Copyright 2009 by Gary L. Pullman
One of the pleasures of reading is experiencing (or, at least, being introduced to) new sights. Reading is travel by armchair. This is so even when one’s reading doesn’t happen to involve travel books. Stephen King takes his readers inside not only the geography of small towns, but also into their psychology and sociology. He helps his fans see not only what it is like to live in a small town but also what is means to live in such a community.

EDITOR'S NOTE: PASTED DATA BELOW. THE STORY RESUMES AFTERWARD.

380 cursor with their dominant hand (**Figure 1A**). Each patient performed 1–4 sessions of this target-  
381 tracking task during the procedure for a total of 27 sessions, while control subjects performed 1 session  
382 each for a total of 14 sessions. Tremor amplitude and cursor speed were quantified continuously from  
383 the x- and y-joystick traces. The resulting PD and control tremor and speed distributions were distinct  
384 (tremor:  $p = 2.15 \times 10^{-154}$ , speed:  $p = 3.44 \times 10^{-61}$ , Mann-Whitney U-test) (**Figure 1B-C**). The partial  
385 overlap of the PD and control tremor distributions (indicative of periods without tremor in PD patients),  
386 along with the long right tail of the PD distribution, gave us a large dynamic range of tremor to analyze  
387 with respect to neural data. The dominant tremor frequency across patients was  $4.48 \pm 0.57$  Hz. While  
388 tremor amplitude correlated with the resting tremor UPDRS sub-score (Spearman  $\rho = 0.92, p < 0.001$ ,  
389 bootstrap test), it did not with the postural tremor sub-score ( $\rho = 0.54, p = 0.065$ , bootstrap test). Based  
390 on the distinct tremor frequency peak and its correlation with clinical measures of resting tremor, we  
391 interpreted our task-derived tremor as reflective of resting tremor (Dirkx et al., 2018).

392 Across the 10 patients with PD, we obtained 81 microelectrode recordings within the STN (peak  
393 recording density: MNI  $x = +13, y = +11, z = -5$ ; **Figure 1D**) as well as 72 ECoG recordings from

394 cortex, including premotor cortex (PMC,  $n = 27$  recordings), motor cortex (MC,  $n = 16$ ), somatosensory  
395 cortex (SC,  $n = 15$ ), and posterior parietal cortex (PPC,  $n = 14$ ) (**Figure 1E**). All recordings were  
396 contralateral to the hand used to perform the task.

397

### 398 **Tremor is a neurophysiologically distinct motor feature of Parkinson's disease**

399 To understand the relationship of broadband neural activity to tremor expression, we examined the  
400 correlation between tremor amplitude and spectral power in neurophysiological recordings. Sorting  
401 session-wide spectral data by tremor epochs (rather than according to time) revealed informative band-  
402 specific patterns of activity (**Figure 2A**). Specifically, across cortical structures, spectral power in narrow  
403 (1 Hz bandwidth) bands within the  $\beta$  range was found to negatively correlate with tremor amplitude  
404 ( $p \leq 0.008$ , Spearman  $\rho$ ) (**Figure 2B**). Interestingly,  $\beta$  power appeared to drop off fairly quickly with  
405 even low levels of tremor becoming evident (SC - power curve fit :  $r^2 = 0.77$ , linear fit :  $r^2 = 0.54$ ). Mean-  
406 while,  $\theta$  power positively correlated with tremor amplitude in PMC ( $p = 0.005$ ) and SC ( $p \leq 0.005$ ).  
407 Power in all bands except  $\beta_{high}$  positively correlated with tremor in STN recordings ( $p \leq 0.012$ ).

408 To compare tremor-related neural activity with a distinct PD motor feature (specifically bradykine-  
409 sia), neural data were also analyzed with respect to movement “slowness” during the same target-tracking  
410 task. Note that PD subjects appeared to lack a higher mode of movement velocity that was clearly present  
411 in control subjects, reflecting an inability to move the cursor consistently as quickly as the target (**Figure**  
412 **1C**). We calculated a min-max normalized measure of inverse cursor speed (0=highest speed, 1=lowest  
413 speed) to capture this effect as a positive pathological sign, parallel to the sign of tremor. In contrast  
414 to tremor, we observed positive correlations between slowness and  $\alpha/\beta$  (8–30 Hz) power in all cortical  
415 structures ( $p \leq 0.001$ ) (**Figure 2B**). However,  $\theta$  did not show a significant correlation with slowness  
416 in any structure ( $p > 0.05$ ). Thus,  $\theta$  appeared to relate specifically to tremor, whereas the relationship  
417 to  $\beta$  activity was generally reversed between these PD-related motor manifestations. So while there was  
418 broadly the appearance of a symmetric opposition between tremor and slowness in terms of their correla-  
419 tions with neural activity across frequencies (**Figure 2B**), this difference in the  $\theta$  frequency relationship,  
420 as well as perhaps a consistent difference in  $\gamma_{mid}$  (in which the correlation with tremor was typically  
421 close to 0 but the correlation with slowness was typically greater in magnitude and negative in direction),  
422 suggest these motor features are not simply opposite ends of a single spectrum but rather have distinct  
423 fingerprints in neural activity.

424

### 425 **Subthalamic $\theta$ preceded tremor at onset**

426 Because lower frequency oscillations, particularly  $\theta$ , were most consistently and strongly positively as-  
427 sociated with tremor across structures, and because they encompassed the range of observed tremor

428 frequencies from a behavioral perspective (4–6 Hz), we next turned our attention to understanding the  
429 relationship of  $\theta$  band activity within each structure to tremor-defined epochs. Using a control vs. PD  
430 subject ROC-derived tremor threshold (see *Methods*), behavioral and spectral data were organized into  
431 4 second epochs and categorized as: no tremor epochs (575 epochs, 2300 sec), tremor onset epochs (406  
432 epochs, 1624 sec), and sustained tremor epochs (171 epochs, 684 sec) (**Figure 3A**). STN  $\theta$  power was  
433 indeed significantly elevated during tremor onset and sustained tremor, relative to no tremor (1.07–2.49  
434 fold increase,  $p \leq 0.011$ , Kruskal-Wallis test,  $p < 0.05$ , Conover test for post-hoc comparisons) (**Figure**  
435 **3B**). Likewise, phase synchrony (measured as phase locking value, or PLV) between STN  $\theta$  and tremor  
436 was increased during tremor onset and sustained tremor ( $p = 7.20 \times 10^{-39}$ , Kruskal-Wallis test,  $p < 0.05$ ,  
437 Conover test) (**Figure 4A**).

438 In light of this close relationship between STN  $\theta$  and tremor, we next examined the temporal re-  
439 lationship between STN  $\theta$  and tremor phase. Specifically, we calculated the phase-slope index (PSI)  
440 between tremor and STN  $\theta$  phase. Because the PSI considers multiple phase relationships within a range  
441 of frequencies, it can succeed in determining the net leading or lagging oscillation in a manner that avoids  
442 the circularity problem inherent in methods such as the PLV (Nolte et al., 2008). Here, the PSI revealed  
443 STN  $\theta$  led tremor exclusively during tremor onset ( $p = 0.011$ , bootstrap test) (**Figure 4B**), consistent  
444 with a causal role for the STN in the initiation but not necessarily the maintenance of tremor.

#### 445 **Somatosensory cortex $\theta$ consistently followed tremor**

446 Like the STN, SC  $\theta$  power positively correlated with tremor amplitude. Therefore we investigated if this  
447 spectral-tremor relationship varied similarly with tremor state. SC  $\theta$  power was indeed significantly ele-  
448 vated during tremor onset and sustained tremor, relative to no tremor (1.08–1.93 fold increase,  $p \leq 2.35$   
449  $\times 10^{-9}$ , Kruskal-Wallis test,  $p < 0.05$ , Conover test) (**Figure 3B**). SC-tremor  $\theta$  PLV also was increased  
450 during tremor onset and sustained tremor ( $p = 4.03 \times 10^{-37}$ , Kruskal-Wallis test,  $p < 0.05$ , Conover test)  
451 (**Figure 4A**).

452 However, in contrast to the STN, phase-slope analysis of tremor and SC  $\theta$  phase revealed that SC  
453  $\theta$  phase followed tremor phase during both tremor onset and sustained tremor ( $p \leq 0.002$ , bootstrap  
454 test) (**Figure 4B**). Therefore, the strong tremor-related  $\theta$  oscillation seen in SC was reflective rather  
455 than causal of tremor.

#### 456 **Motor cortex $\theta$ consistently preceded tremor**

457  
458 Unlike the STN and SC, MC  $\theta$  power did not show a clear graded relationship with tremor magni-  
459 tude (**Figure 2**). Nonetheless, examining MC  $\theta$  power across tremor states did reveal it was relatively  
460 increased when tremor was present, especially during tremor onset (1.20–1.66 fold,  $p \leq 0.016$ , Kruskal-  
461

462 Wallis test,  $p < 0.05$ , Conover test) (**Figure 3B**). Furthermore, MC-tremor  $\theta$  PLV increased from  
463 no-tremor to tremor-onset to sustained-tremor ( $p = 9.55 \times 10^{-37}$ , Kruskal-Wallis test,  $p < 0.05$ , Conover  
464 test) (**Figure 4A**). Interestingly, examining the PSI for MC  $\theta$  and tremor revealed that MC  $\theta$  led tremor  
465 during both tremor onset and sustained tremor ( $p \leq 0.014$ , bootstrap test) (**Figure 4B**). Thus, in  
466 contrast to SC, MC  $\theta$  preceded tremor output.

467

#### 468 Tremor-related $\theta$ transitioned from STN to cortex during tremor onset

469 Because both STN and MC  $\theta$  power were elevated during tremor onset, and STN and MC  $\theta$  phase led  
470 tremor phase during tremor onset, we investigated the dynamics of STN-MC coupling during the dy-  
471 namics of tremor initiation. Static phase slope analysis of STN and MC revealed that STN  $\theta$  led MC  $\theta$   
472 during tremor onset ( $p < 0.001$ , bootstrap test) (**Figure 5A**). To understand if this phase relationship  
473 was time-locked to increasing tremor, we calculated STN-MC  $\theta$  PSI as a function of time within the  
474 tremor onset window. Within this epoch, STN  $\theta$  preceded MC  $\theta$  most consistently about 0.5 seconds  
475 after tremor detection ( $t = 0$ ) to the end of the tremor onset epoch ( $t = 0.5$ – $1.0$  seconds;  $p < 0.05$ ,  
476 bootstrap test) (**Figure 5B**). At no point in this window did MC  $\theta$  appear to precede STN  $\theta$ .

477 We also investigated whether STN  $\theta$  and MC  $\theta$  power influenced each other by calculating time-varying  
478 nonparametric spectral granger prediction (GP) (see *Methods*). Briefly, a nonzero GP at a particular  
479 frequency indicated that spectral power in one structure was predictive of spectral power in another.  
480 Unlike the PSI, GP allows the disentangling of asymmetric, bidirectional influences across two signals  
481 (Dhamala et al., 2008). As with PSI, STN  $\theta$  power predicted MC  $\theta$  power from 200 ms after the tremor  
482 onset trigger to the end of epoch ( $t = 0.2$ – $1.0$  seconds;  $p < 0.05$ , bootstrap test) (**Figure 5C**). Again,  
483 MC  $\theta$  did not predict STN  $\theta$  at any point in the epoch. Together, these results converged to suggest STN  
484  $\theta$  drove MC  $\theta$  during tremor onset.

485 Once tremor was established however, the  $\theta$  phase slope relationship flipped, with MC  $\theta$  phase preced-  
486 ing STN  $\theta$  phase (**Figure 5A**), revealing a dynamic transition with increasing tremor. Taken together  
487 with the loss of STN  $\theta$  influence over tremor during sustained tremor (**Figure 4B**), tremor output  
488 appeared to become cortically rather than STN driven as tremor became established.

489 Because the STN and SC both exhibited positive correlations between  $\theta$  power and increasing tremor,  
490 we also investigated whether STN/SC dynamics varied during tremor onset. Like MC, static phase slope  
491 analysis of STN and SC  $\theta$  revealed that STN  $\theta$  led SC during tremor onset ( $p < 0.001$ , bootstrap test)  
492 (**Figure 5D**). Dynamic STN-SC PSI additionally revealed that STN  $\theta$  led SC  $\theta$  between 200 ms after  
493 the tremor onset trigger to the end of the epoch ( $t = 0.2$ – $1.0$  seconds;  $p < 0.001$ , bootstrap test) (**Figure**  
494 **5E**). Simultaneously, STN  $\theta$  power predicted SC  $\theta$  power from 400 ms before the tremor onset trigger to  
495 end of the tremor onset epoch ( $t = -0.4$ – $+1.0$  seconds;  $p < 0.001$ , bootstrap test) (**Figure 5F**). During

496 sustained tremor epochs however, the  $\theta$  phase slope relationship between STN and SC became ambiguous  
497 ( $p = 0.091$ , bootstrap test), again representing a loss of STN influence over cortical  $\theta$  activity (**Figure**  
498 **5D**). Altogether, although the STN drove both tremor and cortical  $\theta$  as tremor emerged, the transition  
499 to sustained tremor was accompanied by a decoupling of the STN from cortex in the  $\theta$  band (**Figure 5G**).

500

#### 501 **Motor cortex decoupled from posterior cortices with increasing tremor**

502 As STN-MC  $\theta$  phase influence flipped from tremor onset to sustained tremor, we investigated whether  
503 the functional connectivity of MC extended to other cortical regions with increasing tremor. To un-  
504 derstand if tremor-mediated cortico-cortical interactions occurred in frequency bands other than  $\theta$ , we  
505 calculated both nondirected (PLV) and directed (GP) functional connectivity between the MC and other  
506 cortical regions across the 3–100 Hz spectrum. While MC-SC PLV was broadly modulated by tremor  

Douglas Preston and Lincoln Child show their readers what it is like and what it means to work for a big city museum, for a big city police department, for a big city newspaper; they also, quite frequently, show their readers what it is like and what it means just to live in and get around in a big city, whether by foot, in a taxicab, on the subway, or by bus. In their novels that are set in New York City, they always refer to landmarks, streets, and other physical locations. Some are known to many; others only to locals or the well traveled. For instance, in Cemetery Dance, the authors allude to Inwood Hill Park. Native New Yorkers are no doubt familiar with this park, but I had to look it up, first to see if such a place really exists (it does, as do many of the places to which Preston and Child allude) and, second, to see where it is. As it turns out, Inwood Hill Park is in northern Manhattan, along the Hudson River, west of Broadway and south of Knightsbridge Road. The New York City Department of Parks & Recreation describes the park as “a living piece of old New York”: